Guidance – Gibbering Mouth: Rogue Edition

Welcome to Guidance, Private Sanctuary’s source for tips and techniques for the Pathfinder Roleplaying Game, written by Everyman Gamer Alexander Augunas. Today, we’re going to be talking about the upcoming Pathfinder Unchained book and what it could mean for the rogue class.

At PaizoCon this year, Paizo Publishing announced its Spring 2015 hardcover–Pathfinder Unchained. There’s a product page (and a rather seething thread, if I do say so myself) up on Paizo’s website if you want to check it out. The purpose of Pathfinder Unchained is to go back and present alternate rules for the Pathfinder Roleplaying Game. It has been compared to Dungeons & Dragon’s Unearthed Arcana books, asking us the question: “What could the Pathfinder Roleplaying Game look like if we didn’t strive to maintain Backwards Compatibility?”

Since its Harrow Month, I thought it might be fun to think about this subject a little, specifically about the Rogue class. The rogue has always been a class under fire, with gamers questioning its value left and right. People love to point out about how other classes do the rogue’s job better than it, and in some cases (like the vivisectionist alchemist), they’re not too far from the truth.

But before we get started….

I do not work for Paizo Publishing. I do not know what will be in Pathfinder Unchained. If I did know, you can bet that I wouldn’t risk future freelancing opportunities with them writing this blog about what I knew on the website of a popular podcast.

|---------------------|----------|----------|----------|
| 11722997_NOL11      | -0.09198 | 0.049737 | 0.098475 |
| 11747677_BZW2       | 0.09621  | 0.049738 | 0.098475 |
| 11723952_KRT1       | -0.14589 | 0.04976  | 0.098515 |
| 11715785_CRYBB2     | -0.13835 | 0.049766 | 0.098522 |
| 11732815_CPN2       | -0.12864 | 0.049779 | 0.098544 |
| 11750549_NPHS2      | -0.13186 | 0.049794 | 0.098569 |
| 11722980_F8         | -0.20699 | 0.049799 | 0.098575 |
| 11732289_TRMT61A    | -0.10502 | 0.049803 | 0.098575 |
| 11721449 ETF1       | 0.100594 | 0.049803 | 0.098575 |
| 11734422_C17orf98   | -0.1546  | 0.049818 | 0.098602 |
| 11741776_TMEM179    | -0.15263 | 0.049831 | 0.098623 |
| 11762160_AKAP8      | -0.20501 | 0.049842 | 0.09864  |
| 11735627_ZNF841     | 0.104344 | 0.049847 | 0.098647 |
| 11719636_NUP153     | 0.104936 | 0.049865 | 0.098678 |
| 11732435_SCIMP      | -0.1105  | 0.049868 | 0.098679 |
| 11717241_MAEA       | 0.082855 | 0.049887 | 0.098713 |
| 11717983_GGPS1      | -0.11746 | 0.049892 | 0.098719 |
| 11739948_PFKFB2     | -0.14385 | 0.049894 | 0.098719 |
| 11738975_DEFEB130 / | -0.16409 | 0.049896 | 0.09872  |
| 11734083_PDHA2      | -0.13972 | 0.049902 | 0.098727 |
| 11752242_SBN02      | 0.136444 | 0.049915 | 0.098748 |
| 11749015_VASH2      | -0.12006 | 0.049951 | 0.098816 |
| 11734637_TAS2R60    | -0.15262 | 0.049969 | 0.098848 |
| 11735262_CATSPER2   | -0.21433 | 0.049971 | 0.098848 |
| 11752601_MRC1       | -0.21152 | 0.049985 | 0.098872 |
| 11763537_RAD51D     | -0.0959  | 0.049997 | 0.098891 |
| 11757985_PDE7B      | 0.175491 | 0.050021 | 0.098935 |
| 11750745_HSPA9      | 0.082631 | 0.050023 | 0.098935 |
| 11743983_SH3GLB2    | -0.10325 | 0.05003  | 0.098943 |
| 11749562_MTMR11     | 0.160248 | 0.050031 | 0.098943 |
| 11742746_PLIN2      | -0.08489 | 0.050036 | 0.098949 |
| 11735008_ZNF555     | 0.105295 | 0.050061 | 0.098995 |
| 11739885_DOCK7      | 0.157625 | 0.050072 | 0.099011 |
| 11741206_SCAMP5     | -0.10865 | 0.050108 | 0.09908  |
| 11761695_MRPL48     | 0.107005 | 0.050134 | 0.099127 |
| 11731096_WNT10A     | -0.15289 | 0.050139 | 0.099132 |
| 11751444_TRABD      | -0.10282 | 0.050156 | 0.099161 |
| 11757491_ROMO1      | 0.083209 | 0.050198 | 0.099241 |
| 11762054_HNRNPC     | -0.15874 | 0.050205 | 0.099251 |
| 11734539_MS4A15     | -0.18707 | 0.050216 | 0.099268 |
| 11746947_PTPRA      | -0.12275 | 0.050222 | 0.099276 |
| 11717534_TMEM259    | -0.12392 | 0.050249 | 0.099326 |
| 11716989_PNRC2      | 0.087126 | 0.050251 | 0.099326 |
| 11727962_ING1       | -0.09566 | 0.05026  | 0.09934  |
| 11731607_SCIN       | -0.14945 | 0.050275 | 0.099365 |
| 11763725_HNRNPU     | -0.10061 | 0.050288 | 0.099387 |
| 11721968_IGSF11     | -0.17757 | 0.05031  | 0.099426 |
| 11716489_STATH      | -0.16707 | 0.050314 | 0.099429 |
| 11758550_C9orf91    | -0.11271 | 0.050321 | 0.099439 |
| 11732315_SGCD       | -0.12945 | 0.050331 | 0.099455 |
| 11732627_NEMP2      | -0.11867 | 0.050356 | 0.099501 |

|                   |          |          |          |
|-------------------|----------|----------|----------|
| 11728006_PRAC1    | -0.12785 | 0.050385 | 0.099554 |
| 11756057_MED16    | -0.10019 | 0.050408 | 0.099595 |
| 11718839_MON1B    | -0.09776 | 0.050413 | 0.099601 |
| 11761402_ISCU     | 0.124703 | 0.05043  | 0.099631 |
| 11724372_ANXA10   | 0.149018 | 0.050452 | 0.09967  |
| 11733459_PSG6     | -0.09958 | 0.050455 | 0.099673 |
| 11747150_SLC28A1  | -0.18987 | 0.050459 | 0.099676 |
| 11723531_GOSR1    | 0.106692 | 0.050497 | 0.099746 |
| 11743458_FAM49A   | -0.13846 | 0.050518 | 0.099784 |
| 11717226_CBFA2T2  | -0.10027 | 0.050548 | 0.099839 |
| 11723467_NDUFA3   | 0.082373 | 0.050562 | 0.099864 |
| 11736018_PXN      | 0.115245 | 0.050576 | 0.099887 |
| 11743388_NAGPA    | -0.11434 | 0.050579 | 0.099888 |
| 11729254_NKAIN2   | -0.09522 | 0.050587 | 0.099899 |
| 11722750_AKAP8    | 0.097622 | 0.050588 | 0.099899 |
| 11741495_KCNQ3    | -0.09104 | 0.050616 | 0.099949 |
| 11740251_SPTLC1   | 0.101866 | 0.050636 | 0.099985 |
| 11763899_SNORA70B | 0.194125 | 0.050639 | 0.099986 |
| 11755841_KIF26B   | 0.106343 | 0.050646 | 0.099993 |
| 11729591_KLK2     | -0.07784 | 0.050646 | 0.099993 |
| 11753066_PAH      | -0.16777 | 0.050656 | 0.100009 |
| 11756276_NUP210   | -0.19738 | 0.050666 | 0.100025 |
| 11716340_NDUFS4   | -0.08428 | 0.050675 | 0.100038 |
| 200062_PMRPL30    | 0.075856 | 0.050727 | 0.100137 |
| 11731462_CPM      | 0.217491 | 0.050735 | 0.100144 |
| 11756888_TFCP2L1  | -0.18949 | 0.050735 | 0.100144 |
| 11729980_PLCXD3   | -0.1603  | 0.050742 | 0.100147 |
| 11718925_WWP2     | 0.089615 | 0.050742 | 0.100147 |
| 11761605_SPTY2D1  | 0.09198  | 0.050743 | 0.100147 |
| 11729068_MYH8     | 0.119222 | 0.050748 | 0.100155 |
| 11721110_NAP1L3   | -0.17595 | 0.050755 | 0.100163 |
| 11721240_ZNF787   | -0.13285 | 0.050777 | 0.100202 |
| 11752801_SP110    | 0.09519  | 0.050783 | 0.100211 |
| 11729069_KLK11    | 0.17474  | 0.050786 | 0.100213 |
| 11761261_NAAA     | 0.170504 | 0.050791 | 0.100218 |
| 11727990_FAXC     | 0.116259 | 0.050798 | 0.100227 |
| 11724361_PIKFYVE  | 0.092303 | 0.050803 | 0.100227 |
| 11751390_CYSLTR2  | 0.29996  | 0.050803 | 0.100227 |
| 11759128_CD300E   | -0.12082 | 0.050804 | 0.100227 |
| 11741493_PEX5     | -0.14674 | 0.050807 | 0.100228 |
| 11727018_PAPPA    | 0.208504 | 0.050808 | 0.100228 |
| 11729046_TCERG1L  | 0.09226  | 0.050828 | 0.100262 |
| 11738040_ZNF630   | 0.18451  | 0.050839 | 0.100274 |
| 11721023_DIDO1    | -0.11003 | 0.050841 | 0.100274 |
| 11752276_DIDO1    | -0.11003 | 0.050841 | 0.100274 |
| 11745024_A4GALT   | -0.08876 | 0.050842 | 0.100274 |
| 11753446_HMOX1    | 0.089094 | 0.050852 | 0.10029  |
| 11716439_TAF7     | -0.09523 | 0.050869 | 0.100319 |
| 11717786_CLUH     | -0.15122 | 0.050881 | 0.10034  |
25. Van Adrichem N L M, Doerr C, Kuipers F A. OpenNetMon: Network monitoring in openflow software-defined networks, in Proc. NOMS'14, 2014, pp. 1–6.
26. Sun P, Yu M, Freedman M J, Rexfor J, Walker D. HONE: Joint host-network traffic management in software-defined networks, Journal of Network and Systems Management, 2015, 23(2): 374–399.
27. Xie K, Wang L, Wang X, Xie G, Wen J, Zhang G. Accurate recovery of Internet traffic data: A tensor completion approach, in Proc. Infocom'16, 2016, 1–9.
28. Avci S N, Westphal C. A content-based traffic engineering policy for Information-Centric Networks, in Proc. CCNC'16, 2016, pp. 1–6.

And with that out of the way, let’s begin.

Problems with the Rogue

So, when people complain about the rogue, what are they referring to? In my rogue DPR analysis from way back when, we definitely discovered that the rogue lags behind the fighter and the paladin not in theoretical damage, but in practical damage. As a refresher, theoretical damage is what the rogue could do if it hits with its attacks while practical damage is how much damage the rogue will do in practice based on the probability of the rogue hitting his target. I also mentioned as a silver lining, however, that the rogue did achieve its goals of having more skill points than any other class.

That said, the rogue was actually somewhat nerfed in that regard.

From D&D to Pathfinder — Rogue Edition

Back in 3.5, there was no Favored Class mechanic. Instead, characters got quadruple skill points at 1st level and could place a number of ranks into a skill equal to the character’s level + 3. So the maximum number of ranks that a 1st level character could obtain would be 4, then 5 for a 2nd level character, 6 for a 3rd level character, and so on.

Now, the class skill mechanic existed in 3.5, but instead of offering an incentive to take certain skills because you got a bonus, it made skills that weren’t class skills for you more expensive to acquire. For example, if you were a fighter and wanted ranks in Knowledge (arcana), your fighter skill ranks were only worth half a rank towards that skill because Knowledge (arcana) isn’t a fighter class skill.

Now, in addition to having the best skill point progression in the game, rogues also had the largest number of class skills. At 1st level, a rogue would have a minimum of 32 skill ranks to spend (8 x 4 = 32) and those 32 skill ranks were almost always allocated to a class skill because there were a small number of skills that weren’t rogue skills. (Basically the same ones we have today.)